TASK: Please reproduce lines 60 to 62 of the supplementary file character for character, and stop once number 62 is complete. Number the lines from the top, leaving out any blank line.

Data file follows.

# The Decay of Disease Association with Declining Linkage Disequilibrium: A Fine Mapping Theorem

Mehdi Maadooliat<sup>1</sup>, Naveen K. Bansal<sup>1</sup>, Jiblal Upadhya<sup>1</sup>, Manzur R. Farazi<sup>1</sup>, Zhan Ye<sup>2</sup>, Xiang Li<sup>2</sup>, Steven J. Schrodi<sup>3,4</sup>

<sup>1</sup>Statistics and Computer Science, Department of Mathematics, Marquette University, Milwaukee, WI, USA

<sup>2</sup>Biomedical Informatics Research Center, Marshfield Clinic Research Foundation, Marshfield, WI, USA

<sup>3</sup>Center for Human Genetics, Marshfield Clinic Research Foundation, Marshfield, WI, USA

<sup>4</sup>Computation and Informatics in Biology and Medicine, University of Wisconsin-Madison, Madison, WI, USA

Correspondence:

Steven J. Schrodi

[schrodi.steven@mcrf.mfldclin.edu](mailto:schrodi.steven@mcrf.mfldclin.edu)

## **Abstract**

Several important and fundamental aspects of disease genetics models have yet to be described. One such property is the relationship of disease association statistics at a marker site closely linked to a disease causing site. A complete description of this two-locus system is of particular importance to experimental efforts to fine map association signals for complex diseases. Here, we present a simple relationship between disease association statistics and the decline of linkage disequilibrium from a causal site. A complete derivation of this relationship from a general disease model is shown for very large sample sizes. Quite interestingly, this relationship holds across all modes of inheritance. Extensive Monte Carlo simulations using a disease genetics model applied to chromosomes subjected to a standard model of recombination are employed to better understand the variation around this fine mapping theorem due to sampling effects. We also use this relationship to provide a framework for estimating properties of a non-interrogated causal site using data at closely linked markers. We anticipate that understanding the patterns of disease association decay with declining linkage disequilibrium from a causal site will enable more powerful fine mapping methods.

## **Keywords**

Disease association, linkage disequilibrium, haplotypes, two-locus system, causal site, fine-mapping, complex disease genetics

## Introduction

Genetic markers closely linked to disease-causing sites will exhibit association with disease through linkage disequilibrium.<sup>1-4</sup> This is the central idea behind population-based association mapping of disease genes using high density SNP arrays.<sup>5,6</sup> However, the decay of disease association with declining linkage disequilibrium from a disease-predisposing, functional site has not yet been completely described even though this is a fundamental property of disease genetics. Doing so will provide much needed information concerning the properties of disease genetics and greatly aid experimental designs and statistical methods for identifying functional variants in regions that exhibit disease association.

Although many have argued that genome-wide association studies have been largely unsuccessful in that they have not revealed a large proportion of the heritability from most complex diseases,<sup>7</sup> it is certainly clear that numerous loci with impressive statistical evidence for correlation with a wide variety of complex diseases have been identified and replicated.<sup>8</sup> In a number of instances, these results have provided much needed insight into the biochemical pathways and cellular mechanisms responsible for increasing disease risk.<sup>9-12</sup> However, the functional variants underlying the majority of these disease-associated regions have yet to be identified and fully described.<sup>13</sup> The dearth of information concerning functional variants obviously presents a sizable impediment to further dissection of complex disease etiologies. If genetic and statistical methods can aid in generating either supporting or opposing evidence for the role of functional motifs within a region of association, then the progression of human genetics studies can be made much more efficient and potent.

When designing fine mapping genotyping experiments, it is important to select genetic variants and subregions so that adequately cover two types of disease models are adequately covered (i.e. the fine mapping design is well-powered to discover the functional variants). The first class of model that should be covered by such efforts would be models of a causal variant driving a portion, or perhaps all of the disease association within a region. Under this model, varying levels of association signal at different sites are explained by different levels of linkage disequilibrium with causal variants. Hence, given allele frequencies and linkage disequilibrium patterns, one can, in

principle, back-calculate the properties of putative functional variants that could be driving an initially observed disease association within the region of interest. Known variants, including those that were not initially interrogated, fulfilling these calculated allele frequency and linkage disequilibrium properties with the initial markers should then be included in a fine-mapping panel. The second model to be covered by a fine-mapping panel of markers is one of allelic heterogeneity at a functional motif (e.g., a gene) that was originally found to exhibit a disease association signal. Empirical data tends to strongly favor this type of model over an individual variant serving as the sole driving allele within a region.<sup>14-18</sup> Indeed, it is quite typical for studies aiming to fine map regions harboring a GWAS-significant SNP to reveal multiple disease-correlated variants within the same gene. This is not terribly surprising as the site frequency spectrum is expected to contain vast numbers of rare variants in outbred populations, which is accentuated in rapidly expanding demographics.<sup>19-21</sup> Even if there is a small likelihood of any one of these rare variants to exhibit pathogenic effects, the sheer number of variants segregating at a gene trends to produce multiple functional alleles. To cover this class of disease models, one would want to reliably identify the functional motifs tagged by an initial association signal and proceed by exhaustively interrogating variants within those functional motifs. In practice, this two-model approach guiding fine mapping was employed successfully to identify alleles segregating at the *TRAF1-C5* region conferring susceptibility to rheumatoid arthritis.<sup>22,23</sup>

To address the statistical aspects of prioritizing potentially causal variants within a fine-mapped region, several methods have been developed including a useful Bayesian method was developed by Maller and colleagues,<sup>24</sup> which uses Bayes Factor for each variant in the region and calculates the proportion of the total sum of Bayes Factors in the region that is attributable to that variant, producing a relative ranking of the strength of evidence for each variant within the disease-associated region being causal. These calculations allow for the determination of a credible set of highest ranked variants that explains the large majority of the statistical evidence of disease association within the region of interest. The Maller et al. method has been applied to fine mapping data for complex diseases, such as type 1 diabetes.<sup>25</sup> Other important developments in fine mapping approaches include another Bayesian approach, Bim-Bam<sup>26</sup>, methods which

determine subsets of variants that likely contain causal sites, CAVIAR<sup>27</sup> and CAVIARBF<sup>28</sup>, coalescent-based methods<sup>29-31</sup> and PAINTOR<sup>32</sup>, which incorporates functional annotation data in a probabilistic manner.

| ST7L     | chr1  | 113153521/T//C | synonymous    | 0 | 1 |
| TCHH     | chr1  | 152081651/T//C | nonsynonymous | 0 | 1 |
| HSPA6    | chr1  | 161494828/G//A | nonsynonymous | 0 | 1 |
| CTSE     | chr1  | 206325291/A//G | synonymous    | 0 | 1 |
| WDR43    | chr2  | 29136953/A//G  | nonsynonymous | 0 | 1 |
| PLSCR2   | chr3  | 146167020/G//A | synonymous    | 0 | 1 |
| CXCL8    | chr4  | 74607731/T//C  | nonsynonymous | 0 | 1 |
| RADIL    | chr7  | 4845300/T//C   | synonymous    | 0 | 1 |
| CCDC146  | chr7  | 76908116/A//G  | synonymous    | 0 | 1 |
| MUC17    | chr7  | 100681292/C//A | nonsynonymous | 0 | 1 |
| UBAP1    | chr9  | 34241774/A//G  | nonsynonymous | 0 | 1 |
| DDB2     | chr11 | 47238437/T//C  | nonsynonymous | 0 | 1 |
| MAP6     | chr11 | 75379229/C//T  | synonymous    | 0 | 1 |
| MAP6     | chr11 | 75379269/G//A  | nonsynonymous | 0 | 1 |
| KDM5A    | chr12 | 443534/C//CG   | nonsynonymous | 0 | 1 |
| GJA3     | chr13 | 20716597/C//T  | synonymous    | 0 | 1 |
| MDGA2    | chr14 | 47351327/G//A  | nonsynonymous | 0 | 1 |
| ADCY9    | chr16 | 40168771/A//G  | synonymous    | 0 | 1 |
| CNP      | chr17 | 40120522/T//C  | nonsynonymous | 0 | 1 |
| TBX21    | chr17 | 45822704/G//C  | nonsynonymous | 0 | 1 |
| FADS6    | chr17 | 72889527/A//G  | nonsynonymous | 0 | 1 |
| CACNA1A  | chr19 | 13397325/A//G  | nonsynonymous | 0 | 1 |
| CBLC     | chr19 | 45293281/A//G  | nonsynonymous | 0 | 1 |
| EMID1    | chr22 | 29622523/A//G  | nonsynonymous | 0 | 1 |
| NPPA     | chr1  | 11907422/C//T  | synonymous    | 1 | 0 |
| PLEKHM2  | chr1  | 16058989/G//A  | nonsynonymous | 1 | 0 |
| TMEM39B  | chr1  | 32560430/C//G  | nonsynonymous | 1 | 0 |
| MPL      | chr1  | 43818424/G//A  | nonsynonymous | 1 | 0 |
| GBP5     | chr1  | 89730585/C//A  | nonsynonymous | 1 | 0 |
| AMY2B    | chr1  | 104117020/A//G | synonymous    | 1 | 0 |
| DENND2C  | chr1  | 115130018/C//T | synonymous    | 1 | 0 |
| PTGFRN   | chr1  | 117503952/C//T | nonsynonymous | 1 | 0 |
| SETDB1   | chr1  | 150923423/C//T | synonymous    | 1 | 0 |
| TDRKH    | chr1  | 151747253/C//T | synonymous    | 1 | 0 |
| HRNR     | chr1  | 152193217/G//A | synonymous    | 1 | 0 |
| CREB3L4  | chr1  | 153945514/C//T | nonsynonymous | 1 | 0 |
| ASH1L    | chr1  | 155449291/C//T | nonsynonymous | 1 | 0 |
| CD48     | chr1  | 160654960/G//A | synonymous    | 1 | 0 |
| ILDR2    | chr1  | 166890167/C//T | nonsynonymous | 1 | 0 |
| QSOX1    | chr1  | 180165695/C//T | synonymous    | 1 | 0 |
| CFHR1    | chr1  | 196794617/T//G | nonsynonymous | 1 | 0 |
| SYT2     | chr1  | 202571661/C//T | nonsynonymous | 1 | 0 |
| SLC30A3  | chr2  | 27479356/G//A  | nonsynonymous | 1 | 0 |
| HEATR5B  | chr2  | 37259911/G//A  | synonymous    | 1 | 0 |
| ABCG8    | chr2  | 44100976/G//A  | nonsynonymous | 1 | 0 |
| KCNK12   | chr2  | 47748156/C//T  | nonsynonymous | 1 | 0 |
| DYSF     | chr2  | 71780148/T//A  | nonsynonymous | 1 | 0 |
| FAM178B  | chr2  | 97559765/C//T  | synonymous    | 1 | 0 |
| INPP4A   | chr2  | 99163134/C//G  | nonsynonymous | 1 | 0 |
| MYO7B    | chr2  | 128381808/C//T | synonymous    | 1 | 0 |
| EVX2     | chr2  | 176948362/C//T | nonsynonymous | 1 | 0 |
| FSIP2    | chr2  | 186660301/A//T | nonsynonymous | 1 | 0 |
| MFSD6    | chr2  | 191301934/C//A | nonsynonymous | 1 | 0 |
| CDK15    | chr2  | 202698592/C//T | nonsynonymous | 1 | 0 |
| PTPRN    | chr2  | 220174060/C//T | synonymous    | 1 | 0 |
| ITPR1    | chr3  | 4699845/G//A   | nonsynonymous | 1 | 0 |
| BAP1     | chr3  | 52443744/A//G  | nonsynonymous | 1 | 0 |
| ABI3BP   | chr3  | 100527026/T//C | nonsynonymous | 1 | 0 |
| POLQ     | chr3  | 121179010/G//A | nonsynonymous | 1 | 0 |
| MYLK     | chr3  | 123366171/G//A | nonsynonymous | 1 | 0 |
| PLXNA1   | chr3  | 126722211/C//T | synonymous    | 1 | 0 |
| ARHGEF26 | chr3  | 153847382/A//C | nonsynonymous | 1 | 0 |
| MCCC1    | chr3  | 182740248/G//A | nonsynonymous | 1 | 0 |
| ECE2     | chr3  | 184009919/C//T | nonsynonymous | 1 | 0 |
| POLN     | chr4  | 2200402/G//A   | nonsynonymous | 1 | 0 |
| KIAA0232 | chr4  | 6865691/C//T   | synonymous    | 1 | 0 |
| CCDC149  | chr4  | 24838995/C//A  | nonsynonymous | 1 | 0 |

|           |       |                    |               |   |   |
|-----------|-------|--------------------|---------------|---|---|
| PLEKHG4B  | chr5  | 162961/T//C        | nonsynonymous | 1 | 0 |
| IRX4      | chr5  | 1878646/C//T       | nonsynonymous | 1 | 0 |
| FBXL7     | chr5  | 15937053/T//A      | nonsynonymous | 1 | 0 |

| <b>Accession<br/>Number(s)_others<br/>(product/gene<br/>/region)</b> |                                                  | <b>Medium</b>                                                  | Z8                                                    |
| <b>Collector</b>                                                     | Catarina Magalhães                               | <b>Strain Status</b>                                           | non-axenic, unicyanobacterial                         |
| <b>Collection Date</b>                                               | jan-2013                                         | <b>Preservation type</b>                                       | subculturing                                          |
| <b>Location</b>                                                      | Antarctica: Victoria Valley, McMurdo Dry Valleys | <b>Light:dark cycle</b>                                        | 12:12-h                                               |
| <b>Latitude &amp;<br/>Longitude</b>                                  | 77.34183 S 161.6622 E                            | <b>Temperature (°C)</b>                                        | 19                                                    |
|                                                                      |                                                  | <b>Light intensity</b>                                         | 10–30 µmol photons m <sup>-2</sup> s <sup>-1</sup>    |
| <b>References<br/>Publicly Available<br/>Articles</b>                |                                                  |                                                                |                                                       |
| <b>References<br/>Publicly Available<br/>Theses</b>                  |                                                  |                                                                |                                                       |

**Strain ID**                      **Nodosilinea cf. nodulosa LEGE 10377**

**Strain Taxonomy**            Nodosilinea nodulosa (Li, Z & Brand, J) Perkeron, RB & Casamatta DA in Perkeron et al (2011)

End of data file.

| QSOX1    | chr1  | 180165695/C//T | synonymous    | 1 | 0 |
| CFHR1    | chr1  | 196794617/T//G | nonsynonymous | 1 | 0 |
| SYT2     | chr1  | 202571661/C//T | nonsynonymous | 1 | 0 |